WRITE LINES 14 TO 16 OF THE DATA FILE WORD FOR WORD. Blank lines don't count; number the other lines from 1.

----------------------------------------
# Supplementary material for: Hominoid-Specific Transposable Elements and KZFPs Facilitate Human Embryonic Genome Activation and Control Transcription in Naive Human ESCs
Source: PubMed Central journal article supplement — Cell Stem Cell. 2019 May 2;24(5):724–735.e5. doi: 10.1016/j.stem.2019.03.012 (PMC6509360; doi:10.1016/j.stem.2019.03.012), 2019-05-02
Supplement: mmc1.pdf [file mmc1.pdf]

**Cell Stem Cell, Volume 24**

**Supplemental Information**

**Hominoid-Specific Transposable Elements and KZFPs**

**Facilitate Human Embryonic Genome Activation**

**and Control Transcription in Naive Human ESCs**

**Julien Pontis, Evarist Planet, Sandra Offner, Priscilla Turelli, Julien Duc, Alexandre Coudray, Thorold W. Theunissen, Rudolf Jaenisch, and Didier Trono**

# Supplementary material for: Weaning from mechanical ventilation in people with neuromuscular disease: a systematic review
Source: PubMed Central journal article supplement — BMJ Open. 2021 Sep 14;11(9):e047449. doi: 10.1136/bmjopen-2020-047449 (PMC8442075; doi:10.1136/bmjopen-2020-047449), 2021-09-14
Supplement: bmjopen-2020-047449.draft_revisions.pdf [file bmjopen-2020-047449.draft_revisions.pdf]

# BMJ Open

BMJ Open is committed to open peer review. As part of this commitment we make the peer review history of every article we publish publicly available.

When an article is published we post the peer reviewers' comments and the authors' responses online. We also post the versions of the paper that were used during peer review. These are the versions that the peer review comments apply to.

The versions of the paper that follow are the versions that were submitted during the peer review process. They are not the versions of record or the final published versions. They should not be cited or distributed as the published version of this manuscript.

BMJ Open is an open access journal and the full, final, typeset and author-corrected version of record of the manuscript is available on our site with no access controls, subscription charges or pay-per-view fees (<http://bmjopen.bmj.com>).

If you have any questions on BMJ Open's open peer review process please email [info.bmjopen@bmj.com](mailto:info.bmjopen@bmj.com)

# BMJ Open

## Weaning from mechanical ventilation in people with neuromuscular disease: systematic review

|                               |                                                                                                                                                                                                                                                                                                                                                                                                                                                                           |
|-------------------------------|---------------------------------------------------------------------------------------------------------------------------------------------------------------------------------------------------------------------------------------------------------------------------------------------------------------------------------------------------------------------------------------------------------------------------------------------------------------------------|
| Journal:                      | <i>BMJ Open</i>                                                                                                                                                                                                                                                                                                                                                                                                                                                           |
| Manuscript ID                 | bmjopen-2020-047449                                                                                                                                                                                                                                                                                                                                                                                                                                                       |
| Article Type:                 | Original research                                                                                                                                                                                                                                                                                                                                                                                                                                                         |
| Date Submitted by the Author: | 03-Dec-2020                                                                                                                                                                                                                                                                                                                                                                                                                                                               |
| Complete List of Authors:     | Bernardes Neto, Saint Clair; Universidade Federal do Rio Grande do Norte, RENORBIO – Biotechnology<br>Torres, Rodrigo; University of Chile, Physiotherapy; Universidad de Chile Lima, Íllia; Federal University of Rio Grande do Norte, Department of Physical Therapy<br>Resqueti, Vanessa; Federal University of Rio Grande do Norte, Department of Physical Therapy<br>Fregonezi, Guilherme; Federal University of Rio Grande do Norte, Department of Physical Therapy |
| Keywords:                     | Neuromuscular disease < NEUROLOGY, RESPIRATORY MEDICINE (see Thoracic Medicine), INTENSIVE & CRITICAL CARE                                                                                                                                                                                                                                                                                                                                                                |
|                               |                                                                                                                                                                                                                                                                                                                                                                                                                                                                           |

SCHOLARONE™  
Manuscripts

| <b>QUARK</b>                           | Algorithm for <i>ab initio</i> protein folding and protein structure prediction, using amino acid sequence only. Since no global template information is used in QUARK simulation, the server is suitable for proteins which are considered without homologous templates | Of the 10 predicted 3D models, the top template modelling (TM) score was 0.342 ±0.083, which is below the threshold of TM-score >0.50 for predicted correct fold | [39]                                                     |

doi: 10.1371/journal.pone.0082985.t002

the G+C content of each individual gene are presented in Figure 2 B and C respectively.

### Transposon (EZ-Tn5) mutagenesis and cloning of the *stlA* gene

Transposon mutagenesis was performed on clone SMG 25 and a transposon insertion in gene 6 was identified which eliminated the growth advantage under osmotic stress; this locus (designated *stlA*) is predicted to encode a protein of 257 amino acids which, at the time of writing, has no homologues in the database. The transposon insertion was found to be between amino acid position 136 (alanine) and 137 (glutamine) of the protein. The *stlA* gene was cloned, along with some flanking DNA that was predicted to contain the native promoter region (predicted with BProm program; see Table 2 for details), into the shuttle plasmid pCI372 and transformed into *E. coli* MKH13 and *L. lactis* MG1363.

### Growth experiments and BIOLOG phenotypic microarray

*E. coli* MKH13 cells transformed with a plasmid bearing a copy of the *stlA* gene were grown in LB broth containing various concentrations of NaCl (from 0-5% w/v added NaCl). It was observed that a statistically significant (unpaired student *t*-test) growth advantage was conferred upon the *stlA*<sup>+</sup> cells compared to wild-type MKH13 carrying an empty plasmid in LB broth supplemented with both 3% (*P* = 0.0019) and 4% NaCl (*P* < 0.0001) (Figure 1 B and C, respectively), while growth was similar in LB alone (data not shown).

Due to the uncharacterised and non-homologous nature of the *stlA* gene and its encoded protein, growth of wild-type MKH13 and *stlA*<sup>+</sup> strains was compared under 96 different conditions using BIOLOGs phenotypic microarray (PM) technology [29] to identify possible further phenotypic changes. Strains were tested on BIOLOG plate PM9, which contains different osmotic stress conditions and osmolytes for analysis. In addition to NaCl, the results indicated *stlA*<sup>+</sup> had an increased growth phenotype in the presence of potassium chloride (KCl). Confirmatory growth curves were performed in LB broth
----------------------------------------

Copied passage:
BMJ Open is committed to open peer review. As part of this commitment we make the peer review history of every article we publish publicly available.

When an article is published we post the peer reviewers' comments and the authors' responses online. We also post the versions of the paper that were used during peer review. These are the versions that the peer review comments apply to.

The versions of the paper that follow are the versions that were submitted during the peer review process. They are not the versions of record or the final published versions. They should not be cited or distributed as the published version of this manuscript.